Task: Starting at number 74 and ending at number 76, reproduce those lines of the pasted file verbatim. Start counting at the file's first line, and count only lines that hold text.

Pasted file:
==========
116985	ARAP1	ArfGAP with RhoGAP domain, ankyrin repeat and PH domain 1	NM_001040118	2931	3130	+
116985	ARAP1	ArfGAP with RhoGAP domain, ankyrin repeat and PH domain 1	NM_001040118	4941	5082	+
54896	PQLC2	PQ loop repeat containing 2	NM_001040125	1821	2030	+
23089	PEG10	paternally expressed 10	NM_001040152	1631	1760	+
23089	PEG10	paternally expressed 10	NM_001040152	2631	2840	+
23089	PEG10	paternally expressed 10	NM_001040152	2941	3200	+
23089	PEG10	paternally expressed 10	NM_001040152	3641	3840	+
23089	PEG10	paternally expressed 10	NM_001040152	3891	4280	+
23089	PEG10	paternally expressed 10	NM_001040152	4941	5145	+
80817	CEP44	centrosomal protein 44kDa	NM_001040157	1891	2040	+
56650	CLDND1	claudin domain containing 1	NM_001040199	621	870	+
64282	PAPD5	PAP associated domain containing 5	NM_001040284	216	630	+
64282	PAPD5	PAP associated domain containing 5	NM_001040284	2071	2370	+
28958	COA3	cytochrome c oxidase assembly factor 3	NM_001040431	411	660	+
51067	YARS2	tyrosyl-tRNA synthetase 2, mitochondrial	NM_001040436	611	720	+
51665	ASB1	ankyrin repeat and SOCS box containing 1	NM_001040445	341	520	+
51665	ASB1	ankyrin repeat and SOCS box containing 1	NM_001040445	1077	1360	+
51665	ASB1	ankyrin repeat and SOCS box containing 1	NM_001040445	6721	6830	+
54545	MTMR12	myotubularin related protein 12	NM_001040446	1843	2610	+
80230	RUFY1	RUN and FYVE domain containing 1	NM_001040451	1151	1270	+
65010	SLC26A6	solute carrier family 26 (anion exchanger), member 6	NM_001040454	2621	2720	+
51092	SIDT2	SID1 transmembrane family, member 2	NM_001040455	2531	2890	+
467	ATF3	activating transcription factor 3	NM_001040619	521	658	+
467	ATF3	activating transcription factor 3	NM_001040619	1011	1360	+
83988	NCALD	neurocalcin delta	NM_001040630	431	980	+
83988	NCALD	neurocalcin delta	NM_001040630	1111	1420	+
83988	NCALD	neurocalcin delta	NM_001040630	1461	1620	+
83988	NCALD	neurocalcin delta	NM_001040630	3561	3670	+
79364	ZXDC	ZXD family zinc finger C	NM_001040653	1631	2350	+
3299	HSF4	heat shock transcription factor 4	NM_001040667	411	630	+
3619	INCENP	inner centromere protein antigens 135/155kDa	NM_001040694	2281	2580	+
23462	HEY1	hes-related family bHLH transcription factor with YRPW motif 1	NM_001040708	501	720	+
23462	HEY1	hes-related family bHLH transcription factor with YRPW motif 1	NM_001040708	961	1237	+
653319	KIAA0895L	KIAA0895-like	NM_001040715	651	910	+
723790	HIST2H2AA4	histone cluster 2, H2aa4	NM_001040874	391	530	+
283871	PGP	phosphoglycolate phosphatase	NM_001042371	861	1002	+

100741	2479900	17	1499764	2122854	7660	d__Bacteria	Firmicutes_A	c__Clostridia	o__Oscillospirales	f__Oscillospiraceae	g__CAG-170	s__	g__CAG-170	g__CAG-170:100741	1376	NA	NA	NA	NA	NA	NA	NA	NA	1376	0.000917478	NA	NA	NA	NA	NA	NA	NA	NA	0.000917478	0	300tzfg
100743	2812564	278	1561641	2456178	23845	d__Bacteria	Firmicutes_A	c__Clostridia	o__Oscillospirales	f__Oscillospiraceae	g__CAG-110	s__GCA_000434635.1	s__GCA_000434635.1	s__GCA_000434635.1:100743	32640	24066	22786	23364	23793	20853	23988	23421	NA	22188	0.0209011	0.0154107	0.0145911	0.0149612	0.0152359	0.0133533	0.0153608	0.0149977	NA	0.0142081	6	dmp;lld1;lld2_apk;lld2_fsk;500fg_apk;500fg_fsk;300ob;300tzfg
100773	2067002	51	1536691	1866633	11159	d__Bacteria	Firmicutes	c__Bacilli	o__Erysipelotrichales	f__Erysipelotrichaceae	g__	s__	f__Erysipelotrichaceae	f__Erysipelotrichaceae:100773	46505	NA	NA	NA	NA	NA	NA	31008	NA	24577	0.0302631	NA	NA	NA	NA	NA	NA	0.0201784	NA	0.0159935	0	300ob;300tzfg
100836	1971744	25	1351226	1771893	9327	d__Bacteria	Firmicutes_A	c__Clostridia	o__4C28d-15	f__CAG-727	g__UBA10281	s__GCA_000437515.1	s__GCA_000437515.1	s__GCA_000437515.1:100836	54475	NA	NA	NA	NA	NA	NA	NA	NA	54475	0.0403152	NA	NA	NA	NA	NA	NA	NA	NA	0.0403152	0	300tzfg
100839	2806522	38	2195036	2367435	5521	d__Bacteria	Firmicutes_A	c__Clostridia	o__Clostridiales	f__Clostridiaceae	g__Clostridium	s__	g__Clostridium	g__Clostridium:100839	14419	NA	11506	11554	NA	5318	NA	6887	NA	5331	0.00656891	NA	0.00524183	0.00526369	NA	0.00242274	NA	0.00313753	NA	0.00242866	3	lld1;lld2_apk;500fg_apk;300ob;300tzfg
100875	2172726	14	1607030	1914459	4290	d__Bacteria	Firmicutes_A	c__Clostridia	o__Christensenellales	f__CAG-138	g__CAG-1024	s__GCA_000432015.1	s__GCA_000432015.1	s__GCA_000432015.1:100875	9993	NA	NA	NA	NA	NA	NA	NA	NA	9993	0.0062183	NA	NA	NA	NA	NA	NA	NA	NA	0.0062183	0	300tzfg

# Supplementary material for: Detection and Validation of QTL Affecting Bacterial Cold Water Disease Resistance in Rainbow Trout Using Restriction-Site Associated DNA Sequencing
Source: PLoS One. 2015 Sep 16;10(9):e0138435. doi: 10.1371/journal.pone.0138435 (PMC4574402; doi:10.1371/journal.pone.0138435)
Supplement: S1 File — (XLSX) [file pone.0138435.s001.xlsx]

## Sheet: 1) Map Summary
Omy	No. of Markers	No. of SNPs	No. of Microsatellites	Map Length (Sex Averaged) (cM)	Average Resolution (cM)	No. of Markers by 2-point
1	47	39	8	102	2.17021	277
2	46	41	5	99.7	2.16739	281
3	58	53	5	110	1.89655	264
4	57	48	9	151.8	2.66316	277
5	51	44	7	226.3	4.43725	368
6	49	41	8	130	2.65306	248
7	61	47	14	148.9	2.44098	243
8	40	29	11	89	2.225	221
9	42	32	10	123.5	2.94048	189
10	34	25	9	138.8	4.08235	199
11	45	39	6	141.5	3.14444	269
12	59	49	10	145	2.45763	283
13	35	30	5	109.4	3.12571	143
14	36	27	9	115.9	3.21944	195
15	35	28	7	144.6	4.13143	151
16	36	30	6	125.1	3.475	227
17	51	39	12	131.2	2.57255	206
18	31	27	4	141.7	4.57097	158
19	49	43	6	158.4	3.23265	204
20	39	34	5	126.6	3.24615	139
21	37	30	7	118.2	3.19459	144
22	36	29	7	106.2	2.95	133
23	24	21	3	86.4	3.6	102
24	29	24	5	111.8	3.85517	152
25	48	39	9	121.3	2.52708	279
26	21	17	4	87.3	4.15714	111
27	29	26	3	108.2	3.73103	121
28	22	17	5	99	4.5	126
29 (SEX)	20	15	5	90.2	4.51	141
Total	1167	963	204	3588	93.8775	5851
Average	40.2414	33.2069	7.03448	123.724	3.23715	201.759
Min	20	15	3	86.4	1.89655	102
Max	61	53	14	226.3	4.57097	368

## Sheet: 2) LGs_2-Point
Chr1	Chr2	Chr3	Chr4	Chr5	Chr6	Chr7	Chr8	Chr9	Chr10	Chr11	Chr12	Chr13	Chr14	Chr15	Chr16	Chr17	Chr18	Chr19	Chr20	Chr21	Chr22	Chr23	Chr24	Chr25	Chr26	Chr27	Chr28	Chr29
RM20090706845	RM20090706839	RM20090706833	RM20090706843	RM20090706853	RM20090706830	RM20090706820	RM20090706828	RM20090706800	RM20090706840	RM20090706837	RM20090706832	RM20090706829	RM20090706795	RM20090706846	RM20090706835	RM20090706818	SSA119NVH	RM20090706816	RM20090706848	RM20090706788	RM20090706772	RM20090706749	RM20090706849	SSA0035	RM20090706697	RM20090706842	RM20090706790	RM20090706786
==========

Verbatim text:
27	29	26	3	108.2	3.73103	121
28	22	17	5	99	4.5	126
29 (SEX)	20	15	5	90.2	4.51	141